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tv   Bloomberg Surveillance  Bloomberg  January 27, 2023 8:00am-9:00am EST

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>> i think there is going to be some significant aspects that are going to stop showing. >> this is about taking advantage of >> opportunities after last year. >>are we able to -- the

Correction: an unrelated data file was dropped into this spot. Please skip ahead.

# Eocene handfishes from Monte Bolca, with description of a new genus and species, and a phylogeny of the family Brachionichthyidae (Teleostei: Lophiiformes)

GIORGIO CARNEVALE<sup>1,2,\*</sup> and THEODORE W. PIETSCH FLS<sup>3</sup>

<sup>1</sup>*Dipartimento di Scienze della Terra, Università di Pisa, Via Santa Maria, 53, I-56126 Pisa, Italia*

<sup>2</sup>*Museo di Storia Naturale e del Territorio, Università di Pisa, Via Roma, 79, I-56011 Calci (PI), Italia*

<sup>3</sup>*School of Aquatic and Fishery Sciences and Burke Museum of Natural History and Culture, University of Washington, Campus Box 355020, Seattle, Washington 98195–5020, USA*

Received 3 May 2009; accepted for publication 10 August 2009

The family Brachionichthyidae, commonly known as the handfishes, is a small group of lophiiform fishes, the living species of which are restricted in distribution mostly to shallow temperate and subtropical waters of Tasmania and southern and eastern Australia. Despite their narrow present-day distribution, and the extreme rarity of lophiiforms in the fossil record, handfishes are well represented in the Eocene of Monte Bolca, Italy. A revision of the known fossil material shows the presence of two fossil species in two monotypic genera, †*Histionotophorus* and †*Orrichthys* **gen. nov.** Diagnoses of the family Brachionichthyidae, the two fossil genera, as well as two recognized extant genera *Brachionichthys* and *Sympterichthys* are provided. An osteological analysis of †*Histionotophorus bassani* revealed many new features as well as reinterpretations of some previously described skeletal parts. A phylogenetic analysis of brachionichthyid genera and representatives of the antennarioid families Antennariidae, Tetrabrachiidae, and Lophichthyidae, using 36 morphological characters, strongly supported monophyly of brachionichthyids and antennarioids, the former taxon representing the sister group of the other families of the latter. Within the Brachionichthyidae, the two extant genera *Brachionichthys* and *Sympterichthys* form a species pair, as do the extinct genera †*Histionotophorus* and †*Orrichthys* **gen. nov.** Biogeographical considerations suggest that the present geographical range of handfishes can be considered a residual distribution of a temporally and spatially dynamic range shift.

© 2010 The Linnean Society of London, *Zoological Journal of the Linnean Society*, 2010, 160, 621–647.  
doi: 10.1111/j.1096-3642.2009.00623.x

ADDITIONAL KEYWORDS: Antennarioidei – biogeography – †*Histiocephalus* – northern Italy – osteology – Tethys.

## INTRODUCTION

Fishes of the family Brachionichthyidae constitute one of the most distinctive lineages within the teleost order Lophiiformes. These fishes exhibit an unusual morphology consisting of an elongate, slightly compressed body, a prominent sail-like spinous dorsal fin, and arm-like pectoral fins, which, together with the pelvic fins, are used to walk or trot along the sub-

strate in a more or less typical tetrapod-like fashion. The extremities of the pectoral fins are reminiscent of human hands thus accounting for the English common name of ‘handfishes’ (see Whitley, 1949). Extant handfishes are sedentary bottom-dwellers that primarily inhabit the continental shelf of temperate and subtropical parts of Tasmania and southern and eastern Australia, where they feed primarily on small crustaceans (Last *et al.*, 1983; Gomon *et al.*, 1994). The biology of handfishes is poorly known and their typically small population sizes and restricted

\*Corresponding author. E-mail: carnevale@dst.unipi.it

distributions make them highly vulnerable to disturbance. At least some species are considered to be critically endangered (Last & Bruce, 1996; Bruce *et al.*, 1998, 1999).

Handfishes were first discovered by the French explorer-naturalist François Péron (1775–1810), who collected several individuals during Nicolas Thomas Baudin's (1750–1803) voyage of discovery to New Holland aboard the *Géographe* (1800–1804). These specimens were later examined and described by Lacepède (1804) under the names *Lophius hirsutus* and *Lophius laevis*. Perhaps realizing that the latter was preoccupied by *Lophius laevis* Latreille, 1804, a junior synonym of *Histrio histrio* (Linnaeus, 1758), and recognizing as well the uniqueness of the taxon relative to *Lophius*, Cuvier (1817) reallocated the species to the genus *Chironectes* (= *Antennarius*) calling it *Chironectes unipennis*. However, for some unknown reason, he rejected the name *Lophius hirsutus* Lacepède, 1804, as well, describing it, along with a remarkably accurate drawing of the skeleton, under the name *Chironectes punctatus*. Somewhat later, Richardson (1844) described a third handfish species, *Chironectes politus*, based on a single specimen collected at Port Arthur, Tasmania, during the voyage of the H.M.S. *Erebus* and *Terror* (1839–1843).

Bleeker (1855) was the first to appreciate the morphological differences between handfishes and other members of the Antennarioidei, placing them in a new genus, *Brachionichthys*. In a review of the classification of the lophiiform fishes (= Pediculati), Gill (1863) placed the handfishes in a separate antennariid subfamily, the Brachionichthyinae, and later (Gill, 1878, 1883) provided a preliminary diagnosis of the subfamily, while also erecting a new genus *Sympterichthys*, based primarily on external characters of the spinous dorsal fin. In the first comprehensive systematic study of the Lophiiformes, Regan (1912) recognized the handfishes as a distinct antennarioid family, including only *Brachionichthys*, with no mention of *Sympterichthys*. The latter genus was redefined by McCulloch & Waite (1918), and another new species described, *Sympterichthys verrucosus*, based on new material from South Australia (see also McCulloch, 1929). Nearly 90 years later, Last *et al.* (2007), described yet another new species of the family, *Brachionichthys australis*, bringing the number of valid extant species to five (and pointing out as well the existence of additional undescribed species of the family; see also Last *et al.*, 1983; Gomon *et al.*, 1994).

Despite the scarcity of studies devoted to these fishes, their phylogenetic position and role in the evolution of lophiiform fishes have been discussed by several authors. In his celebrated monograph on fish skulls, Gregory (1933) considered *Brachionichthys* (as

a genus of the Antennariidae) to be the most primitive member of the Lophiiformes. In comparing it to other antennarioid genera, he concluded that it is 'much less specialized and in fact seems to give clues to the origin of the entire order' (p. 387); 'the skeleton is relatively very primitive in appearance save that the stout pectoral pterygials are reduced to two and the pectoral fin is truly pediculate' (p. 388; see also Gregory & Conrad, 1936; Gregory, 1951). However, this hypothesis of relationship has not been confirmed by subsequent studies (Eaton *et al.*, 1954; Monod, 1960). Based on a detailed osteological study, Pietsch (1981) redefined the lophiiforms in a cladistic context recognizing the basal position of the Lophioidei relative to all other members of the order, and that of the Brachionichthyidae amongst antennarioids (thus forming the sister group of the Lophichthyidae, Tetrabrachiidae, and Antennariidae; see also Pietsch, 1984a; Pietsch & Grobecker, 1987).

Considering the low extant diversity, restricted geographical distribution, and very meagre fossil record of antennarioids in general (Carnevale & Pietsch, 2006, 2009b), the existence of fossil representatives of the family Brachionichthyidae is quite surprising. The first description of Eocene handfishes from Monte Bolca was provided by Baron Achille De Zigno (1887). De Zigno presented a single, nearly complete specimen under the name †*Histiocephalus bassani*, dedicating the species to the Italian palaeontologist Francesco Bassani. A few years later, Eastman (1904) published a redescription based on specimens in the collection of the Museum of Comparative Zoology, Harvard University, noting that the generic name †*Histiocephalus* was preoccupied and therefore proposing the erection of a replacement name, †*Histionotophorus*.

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momentum? most of the data suggests we will not. >> how quickly it can do that, whether it once to ease back next year. >> i do not think we are out of the woods yet. i think we are going through the bottoming process. >> this is bloomberg surveillance with tom keene, jonathan ferro and lisa abramowicz. lisa: good morning, this is bloomberg surveillance. tom keene in new york. jonathan ferro in london. i am lisa abramowitz. core pce, income and spending. tom: we have been a mess here. looking at the collapse of intel and such. we have a huge turning dump coming in at 8:30. at 10:00. jon ferro has been ahead of me on this. i am not a fan of confident statistics. i am posh about it. lisa: it is because they did not